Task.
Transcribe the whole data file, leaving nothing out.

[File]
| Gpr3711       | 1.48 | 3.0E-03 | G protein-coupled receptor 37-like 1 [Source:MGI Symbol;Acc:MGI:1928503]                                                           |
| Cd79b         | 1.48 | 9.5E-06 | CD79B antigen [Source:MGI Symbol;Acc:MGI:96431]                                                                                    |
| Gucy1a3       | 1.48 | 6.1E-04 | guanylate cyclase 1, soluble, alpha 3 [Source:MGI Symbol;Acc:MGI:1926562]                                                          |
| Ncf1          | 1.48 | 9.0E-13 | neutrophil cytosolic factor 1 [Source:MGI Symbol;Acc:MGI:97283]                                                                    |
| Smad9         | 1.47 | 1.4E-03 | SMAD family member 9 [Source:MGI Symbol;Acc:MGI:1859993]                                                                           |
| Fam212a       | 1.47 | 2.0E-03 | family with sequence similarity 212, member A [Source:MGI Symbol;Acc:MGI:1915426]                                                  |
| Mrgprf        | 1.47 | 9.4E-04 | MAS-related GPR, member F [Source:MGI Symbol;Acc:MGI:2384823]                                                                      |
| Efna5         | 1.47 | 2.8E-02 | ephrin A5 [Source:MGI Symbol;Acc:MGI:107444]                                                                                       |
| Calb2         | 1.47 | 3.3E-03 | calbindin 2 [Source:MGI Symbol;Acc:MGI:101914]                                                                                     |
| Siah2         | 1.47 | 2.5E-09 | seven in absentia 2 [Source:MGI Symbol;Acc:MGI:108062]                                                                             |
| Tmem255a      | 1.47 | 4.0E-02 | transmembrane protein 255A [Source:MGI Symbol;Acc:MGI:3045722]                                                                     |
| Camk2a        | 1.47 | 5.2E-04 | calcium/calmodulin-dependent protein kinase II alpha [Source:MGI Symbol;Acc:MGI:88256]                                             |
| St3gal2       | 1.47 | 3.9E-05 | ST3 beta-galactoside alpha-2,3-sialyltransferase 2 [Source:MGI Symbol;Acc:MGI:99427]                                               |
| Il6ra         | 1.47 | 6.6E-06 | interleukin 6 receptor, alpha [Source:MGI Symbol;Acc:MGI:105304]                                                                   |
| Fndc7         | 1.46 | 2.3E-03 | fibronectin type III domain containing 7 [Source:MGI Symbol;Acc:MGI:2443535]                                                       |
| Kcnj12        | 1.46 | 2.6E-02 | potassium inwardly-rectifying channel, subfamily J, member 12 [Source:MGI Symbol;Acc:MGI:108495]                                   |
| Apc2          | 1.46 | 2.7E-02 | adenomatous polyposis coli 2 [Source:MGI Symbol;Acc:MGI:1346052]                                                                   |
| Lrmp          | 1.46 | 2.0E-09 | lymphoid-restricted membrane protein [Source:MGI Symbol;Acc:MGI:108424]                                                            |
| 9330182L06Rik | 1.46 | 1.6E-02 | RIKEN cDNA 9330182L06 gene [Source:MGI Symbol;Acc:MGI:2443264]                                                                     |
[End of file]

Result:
| Gpr3711       | 1.48 | 3.0E-03 | G protein-coupled receptor 37-like 1 [Source:MGI Symbol;Acc:MGI:1928503]                                                           |
| Cd79b         | 1.48 | 9.5E-06 | CD79B antigen [Source:MGI Symbol;Acc:MGI:96431]                                                                                    |
| Gucy1a3       | 1.48 | 6.1E-04 | guanylate cyclase 1, soluble, alpha 3 [Source:MGI Symbol;Acc:MGI:1926562]                                                          |
| Ncf1          | 1.48 | 9.0E-13 | neutrophil cytosolic factor 1 [Source:MGI Symbol;Acc:MGI:97283]                                                                    |
| Smad9         | 1.47 | 1.4E-03 | SMAD family member 9 [Source:MGI Symbol;Acc:MGI:1859993]                                                                           |
| Fam212a       | 1.47 | 2.0E-03 | family with sequence similarity 212, member A [Source:MGI Symbol;Acc:MGI:1915426]                                                  |
| Mrgprf        | 1.47 | 9.4E-04 | MAS-related GPR, member F [Source:MGI Symbol;Acc:MGI:2384823]                                                                      |
| Efna5         | 1.47 | 2.8E-02 | ephrin A5 [Source:MGI Symbol;Acc:MGI:107444]                                                                                       |
| Calb2         | 1.47 | 3.3E-03 | calbindin 2 [Source:MGI Symbol;Acc:MGI:101914]                                                                                     |
| Siah2         | 1.47 | 2.5E-09 | seven in absentia 2 [Source:MGI Symbol;Acc:MGI:108062]                                                                             |
| Tmem255a      | 1.47 | 4.0E-02 | transmembrane protein 255A [Source:MGI Symbol;Acc:MGI:3045722]                                                                     |
| Camk2a        | 1.47 | 5.2E-04 | calcium/calmodulin-dependent protein kinase II alpha [Source:MGI Symbol;Acc:MGI:88256]                                             |
| St3gal2       | 1.47 | 3.9E-05 | ST3 beta-galactoside alpha-2,3-sialyltransferase 2 [Source:MGI Symbol;Acc:MGI:99427]                                               |
| Il6ra         | 1.47 | 6.6E-06 | interleukin 6 receptor, alpha [Source:MGI Symbol;Acc:MGI:105304]                                                                   |
| Fndc7         | 1.46 | 2.3E-03 | fibronectin type III domain containing 7 [Source:MGI Symbol;Acc:MGI:2443535]                                                       |
| Kcnj12        | 1.46 | 2.6E-02 | potassium inwardly-rectifying channel, subfamily J, member 12 [Source:MGI Symbol;Acc:MGI:108495]                                   |
| Apc2          | 1.46 | 2.7E-02 | adenomatous polyposis coli 2 [Source:MGI Symbol;Acc:MGI:1346052]                                                                   |
| Lrmp          | 1.46 | 2.0E-09 | lymphoid-restricted membrane protein [Source:MGI Symbol;Acc:MGI:108424]                                                            |
| 9330182L06Rik | 1.46 | 1.6E-02 | RIKEN cDNA 9330182L06 gene [Source:MGI Symbol;Acc:MGI:2443264]                                                                     |